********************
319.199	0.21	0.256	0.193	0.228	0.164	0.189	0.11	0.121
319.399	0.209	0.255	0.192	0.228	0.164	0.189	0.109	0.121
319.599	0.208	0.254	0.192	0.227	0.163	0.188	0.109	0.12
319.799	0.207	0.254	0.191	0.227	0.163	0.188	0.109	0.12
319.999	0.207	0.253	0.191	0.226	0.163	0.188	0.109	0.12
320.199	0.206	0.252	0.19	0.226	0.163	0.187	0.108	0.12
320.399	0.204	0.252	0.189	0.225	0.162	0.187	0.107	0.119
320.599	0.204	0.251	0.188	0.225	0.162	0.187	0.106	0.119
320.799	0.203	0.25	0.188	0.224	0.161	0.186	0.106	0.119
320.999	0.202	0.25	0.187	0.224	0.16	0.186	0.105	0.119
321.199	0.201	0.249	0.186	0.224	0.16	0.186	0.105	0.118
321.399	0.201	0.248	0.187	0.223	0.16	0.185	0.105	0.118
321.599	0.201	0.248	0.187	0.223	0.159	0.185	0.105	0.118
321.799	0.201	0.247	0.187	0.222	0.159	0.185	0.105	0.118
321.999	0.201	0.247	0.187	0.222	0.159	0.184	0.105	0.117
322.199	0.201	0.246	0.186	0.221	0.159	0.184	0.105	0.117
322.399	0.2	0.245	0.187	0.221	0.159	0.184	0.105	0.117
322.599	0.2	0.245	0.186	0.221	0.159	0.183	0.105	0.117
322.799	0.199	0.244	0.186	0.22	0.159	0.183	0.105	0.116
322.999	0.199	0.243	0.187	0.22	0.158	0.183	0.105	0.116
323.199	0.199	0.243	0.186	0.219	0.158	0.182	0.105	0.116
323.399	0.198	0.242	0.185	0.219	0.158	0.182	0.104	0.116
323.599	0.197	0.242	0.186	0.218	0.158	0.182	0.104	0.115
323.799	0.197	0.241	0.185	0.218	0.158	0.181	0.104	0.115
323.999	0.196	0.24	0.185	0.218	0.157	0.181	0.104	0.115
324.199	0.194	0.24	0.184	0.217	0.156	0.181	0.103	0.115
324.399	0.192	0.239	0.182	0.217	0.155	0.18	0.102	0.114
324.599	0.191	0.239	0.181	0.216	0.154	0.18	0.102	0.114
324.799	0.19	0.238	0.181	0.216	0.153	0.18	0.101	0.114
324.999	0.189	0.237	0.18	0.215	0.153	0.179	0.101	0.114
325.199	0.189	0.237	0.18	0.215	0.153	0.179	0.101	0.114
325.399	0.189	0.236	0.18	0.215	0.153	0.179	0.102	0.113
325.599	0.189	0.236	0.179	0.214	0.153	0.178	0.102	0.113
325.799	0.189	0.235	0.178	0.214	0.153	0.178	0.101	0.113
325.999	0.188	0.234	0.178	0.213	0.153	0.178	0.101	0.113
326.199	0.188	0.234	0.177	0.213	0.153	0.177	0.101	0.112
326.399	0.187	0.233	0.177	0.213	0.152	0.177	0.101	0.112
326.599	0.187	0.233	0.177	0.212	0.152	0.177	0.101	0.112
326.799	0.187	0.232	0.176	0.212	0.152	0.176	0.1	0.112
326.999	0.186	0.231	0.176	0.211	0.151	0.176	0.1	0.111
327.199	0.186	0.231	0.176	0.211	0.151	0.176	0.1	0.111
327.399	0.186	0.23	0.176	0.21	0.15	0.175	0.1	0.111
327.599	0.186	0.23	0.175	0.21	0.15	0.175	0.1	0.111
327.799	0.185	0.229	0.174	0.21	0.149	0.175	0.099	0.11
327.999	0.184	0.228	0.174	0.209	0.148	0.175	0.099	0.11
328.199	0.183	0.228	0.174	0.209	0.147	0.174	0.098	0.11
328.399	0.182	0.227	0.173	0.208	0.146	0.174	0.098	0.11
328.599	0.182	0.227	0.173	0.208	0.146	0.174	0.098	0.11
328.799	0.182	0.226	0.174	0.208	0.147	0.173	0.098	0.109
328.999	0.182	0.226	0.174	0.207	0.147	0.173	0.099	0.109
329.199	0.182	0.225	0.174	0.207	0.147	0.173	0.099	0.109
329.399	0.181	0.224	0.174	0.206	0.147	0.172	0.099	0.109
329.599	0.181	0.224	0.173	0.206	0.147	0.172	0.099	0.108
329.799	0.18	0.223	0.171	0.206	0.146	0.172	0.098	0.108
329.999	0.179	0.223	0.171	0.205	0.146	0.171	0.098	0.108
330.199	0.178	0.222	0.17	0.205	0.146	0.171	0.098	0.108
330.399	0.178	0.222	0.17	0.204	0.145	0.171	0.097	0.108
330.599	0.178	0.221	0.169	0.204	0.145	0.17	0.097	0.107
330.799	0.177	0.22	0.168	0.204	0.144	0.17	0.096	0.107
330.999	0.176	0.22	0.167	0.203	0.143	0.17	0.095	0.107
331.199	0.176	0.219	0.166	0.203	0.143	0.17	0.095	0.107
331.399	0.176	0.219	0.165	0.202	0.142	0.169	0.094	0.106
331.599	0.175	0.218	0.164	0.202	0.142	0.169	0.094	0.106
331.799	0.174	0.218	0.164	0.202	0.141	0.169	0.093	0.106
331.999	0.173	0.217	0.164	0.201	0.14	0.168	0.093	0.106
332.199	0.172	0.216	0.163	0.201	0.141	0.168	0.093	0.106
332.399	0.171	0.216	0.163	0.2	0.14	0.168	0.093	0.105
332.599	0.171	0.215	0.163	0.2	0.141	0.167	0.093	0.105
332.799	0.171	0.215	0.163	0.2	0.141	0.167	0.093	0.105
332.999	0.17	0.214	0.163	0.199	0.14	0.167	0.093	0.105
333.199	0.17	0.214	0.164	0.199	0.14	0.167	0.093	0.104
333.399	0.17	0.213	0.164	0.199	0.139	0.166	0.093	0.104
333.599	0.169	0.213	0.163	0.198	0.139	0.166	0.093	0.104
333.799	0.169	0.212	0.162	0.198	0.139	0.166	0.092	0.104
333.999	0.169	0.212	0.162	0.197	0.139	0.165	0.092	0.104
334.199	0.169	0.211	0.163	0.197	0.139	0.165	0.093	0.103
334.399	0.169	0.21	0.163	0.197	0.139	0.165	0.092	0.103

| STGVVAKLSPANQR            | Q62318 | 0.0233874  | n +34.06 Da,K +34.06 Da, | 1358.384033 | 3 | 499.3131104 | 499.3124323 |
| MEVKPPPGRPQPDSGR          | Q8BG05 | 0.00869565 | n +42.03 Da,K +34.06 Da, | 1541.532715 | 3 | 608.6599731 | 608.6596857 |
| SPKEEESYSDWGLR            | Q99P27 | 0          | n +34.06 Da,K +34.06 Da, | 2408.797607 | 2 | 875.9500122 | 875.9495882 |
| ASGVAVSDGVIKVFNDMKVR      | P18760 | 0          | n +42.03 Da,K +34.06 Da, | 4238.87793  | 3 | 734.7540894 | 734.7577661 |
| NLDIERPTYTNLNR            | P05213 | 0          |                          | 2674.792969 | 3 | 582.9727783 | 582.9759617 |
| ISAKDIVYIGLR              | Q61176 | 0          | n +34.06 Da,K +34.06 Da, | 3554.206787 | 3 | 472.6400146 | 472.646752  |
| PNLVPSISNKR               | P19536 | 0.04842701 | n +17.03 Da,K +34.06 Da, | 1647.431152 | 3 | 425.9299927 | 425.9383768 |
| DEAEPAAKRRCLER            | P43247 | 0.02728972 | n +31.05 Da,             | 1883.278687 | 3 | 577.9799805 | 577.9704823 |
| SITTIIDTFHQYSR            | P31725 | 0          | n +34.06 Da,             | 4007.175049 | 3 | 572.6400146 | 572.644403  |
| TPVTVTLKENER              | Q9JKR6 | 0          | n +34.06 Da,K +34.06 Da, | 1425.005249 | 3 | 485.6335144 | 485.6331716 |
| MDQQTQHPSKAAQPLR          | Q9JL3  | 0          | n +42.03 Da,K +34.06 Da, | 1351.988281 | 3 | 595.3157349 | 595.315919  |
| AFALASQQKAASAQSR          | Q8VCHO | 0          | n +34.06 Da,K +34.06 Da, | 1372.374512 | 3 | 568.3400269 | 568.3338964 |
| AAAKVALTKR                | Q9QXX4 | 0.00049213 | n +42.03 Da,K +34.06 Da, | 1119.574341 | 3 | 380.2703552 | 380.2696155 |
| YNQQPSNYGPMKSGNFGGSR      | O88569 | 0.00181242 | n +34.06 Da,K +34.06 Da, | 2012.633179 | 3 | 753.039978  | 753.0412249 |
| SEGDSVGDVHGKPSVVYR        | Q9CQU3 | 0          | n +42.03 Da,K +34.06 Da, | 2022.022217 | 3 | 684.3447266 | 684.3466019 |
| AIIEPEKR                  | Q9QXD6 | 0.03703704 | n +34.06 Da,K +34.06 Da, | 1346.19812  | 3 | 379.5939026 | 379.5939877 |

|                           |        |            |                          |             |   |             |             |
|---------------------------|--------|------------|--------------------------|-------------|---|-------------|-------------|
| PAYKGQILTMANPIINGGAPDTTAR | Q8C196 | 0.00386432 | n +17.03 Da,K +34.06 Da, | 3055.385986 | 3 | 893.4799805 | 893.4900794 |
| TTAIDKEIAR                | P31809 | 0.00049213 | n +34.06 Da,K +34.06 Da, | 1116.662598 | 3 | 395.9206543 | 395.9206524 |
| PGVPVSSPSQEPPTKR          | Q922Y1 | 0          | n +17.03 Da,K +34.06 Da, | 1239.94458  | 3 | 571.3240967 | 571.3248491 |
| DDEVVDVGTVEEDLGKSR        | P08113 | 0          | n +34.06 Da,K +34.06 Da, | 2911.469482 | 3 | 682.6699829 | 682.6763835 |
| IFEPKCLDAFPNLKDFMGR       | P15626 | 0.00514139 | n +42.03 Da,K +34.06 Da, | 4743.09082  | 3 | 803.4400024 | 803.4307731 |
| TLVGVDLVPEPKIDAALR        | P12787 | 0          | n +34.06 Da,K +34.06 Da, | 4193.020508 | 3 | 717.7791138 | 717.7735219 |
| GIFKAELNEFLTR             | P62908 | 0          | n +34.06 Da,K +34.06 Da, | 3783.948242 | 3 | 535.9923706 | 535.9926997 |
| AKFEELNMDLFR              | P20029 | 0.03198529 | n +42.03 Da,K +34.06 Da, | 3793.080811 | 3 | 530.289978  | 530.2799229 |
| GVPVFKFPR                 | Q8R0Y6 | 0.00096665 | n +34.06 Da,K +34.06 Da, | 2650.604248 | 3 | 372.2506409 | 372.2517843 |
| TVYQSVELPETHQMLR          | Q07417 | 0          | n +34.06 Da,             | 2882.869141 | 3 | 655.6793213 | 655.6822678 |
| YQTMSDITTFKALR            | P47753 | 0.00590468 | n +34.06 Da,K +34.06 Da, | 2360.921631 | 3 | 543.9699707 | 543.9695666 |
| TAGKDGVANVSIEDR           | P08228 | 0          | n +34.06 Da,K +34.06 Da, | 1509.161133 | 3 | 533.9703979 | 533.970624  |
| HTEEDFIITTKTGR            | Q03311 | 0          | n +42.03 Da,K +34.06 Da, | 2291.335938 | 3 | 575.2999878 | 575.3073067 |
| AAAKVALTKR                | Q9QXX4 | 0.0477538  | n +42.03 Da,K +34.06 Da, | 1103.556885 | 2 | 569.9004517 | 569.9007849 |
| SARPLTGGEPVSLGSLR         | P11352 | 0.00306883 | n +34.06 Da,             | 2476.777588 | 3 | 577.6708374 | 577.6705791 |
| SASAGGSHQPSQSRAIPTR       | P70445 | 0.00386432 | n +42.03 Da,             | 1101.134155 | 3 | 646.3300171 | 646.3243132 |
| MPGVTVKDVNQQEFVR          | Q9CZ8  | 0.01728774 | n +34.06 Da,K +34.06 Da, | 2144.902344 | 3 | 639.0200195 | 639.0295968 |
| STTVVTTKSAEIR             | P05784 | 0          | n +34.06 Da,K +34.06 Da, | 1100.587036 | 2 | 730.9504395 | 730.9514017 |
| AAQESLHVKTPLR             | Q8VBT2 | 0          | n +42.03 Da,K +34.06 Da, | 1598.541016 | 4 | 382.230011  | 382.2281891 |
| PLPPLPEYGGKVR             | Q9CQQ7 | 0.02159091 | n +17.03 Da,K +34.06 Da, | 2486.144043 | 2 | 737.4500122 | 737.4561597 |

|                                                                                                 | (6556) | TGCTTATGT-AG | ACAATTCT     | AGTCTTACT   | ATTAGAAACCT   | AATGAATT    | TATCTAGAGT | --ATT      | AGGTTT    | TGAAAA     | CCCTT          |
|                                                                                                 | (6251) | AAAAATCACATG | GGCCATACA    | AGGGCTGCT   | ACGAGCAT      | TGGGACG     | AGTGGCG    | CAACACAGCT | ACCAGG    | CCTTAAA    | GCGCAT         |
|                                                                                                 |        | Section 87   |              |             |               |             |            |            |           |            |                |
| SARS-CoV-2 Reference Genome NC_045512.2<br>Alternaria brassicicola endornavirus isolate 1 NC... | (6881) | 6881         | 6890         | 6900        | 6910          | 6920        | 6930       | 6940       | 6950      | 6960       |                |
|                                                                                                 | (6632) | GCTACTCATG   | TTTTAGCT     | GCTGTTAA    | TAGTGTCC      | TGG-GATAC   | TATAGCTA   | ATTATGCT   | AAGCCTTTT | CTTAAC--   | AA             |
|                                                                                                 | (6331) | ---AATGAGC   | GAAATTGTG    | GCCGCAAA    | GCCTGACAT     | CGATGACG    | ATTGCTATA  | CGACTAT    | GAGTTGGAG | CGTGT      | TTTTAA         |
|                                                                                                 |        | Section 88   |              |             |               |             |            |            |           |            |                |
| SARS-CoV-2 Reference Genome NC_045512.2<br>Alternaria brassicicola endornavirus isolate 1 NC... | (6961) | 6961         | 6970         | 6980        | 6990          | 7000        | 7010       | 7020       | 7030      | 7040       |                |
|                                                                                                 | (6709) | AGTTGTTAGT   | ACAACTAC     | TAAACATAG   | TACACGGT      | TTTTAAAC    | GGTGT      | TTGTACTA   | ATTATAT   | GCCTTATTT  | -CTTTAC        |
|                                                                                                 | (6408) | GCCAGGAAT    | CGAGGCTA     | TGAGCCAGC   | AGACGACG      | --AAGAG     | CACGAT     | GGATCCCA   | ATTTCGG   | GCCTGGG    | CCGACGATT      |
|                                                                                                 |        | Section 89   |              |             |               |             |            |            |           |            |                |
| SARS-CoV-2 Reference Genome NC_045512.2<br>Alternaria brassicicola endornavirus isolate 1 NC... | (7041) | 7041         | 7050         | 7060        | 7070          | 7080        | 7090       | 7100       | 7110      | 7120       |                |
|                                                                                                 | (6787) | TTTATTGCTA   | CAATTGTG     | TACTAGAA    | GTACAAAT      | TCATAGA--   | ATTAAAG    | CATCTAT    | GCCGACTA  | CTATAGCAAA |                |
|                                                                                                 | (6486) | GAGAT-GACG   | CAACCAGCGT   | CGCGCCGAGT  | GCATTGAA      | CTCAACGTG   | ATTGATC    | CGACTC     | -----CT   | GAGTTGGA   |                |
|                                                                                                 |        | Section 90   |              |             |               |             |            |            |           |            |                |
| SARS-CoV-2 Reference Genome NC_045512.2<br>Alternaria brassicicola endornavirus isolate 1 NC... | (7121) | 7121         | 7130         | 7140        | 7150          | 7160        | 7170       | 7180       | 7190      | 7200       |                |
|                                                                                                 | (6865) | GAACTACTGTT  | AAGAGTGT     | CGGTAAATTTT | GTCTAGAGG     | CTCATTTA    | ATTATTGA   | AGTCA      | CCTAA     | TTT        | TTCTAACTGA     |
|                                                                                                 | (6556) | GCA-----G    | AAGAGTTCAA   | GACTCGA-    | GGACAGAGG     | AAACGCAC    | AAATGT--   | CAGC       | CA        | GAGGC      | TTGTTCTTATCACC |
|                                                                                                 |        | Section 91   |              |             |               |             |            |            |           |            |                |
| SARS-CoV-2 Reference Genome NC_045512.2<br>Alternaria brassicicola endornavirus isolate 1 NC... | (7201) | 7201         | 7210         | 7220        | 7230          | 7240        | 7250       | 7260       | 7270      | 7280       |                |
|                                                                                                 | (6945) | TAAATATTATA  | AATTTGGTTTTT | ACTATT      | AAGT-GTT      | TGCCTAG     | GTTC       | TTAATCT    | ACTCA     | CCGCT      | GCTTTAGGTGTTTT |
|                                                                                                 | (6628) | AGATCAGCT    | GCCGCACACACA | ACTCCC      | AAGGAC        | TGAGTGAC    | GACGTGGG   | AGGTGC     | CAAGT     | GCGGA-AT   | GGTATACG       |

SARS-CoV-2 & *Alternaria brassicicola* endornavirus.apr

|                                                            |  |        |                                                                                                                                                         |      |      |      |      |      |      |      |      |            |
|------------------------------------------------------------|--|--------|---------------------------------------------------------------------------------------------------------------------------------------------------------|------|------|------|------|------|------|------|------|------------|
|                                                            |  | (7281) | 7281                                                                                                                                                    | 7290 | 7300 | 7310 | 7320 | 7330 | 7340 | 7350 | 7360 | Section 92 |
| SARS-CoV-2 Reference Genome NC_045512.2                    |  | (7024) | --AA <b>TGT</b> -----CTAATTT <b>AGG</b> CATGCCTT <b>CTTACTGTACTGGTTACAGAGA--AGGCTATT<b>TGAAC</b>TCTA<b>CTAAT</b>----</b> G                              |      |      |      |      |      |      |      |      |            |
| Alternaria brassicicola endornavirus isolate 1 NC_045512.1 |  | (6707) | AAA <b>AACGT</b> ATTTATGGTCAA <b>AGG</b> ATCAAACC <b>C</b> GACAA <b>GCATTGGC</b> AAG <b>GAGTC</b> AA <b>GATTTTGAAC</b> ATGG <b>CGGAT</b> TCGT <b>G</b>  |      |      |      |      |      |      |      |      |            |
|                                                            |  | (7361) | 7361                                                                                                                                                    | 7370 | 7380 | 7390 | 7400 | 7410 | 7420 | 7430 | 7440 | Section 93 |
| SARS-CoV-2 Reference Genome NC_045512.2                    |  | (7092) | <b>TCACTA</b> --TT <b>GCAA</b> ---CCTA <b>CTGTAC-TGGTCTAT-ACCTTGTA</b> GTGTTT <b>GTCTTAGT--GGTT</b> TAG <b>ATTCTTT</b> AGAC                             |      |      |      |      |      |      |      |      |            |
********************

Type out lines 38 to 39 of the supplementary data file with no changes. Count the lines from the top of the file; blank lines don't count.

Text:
326.599	0.187	0.233	0.177	0.212	0.152	0.177	0.101	0.112
326.799	0.187	0.232	0.176	0.212	0.152	0.176	0.1	0.112